This is a spontaneous and self-reflective write up, it’s not a formal part of my analysis, but then going through the in depth thinking that is activated from analysis is bound to activate some deeper thoughts..

“And then I put that me and my crew are up for occupying these properties, and then we’re going to squat these properties and return them to the homeless and people who are council housing lists. It will be really interesting to know what people have been saying. Other people have taken it really seriously and put in real bids. I really liked it. I didn’t know if I was going to like it when I came as sometimes political art is really dogmatic and in your face, and this wasn’t and the reason this wasn’t, was because you did what you did in that Sanctuary project because you go the whole affective and emotional thing that a home is a place that means things to people because they live in it, they have relationships in it, their lives unfold in it, they fill it with things that are there way of making meaning in the world. So there’s this really interesting dynamic going on in the piece between what housing means as a personal lived experience, and what it means as economic commodity in the market place, and there’s obviously such a disjuncture between them that um, it’s interesting because it doesn’t offer any solutions, and that’s interesting because it lets people think about it without being told what to think.”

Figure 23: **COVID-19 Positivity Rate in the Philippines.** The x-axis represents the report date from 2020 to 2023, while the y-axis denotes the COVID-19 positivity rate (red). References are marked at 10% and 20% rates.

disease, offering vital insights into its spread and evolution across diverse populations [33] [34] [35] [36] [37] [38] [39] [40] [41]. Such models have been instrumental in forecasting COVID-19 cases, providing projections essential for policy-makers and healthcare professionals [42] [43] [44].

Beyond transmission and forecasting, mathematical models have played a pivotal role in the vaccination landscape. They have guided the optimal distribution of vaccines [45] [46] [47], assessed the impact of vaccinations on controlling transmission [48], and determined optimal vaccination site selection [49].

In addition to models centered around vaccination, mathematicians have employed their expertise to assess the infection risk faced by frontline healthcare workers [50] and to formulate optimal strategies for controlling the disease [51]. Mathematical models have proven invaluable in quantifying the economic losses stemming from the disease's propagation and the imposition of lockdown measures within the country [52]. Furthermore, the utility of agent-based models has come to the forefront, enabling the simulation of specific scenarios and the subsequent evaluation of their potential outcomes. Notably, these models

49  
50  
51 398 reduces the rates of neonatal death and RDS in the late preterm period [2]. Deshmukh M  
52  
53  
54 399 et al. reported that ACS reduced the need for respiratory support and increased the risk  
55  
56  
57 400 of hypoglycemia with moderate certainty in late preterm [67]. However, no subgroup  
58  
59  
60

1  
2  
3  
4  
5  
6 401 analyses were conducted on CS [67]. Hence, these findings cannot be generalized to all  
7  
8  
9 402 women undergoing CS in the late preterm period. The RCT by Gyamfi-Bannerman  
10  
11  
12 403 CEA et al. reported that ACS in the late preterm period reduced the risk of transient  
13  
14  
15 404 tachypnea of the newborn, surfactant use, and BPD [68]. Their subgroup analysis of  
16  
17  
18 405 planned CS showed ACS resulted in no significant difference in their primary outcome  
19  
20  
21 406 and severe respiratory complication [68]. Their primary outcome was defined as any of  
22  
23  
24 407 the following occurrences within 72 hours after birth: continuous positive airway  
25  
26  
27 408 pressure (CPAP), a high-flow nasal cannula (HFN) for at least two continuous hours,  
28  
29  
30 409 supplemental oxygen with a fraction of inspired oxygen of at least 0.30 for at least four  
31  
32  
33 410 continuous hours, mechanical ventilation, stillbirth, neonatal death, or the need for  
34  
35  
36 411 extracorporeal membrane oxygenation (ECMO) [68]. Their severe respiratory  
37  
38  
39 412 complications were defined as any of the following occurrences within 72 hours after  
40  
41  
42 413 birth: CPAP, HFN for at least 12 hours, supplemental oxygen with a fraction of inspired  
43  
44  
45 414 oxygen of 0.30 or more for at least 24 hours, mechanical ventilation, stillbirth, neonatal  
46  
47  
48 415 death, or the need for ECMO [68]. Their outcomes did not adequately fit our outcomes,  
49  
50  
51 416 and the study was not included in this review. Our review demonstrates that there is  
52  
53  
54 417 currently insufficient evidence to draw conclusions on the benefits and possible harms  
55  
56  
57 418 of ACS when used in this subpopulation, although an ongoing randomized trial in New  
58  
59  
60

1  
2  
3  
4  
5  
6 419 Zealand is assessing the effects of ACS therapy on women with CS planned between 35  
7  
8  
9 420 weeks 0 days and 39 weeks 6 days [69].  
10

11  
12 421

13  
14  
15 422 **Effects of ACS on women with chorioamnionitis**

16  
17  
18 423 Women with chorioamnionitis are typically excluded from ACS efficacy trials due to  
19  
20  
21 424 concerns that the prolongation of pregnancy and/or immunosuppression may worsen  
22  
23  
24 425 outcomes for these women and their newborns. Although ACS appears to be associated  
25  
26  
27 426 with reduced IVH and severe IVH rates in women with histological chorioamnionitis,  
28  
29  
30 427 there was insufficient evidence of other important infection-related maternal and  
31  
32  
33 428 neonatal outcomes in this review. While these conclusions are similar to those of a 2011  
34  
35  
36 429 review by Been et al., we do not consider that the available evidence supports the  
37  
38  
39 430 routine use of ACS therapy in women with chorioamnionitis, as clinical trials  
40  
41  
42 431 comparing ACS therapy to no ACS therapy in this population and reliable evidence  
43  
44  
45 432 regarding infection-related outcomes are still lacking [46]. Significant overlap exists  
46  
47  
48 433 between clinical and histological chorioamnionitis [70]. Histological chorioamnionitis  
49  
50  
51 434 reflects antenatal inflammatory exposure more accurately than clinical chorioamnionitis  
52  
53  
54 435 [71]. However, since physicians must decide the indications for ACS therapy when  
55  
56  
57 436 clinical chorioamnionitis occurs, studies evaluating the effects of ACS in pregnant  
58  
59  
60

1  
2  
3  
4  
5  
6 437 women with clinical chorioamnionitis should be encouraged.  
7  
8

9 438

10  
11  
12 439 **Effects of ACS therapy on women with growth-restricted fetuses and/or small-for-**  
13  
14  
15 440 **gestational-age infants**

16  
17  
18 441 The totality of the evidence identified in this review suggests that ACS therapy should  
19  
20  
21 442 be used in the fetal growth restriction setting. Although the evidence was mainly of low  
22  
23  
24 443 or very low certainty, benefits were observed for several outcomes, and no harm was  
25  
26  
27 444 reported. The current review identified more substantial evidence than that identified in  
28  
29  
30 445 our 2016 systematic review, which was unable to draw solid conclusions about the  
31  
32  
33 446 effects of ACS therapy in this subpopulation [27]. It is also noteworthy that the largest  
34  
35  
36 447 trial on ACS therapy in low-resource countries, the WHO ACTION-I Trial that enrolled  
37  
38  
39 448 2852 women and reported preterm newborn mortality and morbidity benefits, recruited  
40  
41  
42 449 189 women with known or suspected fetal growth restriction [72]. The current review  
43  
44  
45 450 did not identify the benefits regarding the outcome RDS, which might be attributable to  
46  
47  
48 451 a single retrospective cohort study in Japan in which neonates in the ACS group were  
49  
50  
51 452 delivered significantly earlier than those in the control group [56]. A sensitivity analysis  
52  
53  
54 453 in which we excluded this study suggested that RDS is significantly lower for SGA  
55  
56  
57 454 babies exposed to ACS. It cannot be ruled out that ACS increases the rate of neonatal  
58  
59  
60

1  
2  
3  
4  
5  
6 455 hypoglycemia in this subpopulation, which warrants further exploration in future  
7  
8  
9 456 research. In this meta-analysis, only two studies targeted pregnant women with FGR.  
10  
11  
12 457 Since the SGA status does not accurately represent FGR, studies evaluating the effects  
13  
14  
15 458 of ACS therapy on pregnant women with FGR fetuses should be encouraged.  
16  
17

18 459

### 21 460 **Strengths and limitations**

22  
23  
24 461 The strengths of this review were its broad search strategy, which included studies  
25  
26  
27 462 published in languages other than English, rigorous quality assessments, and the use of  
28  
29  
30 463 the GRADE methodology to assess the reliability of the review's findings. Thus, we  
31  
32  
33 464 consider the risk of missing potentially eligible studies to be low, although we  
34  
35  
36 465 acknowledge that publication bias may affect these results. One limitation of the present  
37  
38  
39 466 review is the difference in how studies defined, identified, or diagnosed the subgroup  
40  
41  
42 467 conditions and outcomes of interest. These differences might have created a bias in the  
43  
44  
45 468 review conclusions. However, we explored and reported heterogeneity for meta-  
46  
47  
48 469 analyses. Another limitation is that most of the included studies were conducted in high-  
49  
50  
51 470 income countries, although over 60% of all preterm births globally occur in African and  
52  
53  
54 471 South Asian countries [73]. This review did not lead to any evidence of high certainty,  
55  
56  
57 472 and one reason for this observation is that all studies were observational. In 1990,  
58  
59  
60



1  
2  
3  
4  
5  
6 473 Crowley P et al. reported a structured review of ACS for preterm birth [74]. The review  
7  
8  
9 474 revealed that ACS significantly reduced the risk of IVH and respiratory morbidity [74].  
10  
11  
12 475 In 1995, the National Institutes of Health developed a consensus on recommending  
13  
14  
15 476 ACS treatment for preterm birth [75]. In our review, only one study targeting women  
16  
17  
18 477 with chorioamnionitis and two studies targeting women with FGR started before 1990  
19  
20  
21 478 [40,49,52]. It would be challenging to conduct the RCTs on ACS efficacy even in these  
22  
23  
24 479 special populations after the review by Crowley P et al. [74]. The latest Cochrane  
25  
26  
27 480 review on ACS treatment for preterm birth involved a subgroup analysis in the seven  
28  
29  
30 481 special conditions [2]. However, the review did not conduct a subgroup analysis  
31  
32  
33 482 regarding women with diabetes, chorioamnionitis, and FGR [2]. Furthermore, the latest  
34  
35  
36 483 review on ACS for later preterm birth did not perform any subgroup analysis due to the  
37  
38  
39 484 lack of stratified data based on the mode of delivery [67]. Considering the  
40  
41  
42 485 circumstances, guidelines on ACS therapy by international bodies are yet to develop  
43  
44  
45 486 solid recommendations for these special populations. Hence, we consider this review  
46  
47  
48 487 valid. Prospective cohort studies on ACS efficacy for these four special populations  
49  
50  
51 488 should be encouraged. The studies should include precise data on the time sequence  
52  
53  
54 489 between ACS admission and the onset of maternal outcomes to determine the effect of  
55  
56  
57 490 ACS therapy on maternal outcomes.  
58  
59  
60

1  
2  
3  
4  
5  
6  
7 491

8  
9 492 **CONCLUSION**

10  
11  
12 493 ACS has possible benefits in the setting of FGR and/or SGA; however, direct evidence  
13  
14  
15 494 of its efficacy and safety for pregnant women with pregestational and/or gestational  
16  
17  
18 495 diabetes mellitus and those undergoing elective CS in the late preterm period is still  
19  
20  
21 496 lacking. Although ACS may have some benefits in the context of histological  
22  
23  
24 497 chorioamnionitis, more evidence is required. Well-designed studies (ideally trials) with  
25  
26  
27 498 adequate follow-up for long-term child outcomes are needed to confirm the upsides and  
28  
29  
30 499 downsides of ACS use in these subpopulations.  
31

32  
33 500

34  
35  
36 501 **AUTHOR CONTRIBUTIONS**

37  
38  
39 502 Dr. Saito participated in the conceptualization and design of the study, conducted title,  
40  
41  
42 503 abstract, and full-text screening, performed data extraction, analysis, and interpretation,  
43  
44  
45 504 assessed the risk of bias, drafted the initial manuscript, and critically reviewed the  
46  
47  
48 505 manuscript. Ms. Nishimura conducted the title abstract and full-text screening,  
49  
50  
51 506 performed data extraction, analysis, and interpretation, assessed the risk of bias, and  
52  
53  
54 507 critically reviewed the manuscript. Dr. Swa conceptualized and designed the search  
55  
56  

Discord Audience member


Experimenting with Home


Unstable but standing firm


It the last day of the first month of the year. What a perilous time of enormous change. And yet, here I am, tucked up inside my Blue van, parked on a quiet street, at the Bottom of Bower Ashton. While the world spins into disarray around me, I’m not content with a single life, but in fact appear to live three.

However, in the bigger scheme of things to think about, this fragmented yet fertile world appears diminutive. I am preoccupied with mapping out the Whitehouse staff, and thinking about all the housing papers I’m yet to read, to situate my interest in UK housing security. On that note, I must make a note to read the housing news feed daily to keep up to date with current issues. In my mind the housing struggle is all part of the same anti austerity drive that is sweeping through the UK, and as headlines read today, making UK the poorest and most economically vulnerable since Thatcher’s rule.